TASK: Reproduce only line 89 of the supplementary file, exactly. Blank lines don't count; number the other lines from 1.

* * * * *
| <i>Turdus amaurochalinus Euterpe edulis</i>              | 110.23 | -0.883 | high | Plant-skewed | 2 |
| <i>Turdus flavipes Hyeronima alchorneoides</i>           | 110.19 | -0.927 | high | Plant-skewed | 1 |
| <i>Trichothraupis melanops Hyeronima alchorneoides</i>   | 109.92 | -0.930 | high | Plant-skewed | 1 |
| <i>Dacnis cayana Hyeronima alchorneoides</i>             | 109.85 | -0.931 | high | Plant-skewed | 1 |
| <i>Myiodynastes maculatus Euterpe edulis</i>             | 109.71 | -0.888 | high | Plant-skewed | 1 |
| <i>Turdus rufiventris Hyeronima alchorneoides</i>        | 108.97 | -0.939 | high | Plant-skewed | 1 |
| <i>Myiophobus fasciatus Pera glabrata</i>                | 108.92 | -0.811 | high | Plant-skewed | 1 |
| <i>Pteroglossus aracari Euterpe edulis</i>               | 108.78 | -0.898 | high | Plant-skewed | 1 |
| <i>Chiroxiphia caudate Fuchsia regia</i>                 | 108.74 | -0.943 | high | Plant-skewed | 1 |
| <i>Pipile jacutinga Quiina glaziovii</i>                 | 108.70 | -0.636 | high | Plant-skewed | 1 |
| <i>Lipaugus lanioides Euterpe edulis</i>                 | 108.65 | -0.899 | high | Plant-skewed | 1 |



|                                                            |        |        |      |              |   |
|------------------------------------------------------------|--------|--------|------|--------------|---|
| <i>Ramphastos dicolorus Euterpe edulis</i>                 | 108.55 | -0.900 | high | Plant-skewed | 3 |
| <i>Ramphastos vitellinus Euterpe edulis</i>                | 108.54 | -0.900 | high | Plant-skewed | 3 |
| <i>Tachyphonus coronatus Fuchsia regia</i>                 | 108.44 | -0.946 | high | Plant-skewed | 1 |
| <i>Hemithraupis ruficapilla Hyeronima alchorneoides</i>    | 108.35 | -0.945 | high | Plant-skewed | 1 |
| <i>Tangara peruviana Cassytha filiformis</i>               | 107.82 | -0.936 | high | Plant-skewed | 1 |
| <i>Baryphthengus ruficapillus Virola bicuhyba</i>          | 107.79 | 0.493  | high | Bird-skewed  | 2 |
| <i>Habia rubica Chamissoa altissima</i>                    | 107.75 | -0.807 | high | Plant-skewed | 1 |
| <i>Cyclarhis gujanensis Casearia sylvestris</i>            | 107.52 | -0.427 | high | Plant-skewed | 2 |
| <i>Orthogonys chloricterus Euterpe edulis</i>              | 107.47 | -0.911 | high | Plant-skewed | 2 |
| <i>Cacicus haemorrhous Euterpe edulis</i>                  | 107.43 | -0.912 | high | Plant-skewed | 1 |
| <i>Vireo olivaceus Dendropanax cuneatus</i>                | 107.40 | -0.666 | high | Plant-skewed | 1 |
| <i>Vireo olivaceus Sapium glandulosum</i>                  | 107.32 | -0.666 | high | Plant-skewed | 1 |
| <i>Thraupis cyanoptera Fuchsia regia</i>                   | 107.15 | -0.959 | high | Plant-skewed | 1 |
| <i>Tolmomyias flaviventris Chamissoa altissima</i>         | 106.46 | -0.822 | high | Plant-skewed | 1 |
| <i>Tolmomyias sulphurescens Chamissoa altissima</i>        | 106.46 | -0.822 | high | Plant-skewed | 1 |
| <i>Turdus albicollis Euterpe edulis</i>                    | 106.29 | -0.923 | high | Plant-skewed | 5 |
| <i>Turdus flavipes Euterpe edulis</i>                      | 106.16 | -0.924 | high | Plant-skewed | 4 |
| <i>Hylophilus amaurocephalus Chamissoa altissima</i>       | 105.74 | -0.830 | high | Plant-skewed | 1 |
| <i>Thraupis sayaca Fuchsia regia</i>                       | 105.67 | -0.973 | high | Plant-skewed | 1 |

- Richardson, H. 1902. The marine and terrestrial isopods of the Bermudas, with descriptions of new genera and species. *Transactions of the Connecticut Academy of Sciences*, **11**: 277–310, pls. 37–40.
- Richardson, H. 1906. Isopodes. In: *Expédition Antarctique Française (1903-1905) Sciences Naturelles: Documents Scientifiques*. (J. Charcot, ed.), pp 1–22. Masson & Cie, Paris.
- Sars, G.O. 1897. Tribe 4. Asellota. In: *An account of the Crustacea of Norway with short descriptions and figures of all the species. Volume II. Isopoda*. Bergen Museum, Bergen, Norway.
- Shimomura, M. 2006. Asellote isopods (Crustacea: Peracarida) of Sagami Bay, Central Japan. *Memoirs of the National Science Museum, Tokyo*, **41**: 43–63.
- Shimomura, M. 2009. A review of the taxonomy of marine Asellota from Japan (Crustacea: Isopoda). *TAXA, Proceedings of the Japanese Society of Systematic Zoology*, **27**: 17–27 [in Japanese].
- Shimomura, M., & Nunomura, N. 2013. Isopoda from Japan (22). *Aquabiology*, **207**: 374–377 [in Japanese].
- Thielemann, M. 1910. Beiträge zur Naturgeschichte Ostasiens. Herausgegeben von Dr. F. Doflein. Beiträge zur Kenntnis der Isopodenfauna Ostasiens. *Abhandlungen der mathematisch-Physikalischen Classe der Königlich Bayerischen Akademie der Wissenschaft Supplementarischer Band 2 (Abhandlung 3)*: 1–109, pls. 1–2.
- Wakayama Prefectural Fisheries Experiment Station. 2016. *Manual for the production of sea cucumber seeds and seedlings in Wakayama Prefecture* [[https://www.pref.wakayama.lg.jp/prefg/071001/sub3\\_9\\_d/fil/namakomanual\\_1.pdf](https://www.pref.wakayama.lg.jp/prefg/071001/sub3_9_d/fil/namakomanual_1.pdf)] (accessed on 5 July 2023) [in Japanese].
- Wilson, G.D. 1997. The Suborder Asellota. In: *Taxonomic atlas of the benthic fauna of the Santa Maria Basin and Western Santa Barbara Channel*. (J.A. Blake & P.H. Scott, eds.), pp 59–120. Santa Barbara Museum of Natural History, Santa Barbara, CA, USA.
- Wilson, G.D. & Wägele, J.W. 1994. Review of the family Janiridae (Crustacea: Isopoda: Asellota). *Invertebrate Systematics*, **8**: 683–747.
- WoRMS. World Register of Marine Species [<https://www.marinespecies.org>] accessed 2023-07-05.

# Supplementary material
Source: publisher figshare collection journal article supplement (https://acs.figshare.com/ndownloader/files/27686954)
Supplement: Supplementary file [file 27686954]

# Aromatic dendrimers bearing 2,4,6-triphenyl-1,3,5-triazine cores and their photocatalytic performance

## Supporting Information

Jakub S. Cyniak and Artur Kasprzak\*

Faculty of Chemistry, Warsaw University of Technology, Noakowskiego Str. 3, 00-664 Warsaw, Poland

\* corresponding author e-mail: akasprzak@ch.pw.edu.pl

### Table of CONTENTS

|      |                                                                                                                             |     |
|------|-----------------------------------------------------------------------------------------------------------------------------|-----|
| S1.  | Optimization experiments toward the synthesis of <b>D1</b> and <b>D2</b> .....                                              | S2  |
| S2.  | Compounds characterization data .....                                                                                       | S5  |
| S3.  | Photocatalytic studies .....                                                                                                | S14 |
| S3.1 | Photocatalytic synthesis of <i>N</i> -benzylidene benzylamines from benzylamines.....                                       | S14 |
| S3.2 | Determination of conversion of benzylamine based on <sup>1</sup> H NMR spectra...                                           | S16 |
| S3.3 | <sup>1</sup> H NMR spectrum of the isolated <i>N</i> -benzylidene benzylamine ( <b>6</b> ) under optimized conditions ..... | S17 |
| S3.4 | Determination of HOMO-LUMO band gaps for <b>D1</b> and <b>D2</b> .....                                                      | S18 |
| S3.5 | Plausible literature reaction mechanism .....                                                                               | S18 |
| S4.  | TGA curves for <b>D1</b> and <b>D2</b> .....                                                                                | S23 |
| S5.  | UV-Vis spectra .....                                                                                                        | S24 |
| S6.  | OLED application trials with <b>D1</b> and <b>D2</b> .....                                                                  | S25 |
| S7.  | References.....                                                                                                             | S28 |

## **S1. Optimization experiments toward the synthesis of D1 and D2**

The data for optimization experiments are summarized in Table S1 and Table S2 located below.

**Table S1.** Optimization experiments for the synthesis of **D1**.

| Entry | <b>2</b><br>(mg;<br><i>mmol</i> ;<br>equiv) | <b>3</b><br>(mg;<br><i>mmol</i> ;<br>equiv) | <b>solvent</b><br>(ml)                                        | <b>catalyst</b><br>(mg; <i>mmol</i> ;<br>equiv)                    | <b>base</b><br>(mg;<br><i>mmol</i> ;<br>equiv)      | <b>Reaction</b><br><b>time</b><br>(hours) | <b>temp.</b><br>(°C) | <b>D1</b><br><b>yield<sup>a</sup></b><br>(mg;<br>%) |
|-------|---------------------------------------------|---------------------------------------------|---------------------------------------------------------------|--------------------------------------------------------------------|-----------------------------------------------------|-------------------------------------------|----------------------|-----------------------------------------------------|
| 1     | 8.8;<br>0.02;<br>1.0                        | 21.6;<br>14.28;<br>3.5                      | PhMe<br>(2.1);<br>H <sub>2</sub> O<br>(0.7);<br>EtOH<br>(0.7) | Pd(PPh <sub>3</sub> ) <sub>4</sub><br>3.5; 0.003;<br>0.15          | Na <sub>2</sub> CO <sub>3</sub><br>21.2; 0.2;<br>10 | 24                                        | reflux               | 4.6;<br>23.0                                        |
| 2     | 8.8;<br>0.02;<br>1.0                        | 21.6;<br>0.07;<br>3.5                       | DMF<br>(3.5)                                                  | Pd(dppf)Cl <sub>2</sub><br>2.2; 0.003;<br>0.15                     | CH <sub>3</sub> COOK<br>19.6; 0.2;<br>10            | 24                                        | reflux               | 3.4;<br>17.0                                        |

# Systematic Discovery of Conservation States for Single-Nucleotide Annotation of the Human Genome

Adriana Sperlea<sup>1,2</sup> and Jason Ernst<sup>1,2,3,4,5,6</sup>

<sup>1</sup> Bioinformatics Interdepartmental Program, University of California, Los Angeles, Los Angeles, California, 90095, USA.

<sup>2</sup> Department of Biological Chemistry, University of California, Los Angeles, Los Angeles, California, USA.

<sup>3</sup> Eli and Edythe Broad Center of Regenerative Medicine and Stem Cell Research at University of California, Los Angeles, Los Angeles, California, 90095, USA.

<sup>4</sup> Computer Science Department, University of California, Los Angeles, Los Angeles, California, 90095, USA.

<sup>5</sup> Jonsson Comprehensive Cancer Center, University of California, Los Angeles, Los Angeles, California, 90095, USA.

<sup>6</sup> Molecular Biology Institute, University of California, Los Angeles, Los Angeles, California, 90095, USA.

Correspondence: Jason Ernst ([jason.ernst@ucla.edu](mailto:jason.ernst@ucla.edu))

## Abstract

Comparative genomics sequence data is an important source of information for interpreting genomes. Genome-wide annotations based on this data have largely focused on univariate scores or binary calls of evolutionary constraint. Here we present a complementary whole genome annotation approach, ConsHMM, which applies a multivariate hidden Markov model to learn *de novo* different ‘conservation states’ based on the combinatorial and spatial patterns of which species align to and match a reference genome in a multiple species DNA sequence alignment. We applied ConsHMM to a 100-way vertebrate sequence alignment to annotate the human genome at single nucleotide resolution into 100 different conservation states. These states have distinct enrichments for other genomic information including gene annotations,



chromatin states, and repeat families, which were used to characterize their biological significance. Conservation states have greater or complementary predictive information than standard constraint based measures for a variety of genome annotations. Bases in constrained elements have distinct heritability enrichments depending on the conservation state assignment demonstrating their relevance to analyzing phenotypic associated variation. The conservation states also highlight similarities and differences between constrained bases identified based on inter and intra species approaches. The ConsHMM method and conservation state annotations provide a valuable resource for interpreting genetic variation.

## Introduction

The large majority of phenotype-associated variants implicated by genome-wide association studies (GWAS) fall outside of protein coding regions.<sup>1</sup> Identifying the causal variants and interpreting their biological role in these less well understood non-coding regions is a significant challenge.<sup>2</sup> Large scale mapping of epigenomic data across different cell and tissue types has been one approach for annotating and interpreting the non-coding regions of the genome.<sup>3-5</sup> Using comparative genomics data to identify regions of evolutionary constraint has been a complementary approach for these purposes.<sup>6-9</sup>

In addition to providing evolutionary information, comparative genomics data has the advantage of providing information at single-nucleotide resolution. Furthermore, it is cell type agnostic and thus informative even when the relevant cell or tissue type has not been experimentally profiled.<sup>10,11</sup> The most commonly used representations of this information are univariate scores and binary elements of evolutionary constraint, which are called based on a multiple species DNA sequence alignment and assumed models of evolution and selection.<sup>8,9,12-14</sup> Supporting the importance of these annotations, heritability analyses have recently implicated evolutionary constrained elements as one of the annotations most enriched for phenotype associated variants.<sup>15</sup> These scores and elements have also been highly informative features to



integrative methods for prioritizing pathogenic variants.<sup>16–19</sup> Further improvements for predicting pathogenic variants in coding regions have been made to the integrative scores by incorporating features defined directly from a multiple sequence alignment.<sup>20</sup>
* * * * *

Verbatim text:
integrative methods for prioritizing pathogenic variants.<sup>16–19</sup> Further improvements for predicting pathogenic variants in coding regions have been made to the integrative scores by incorporating features defined directly from a multiple sequence alignment.<sup>20</sup>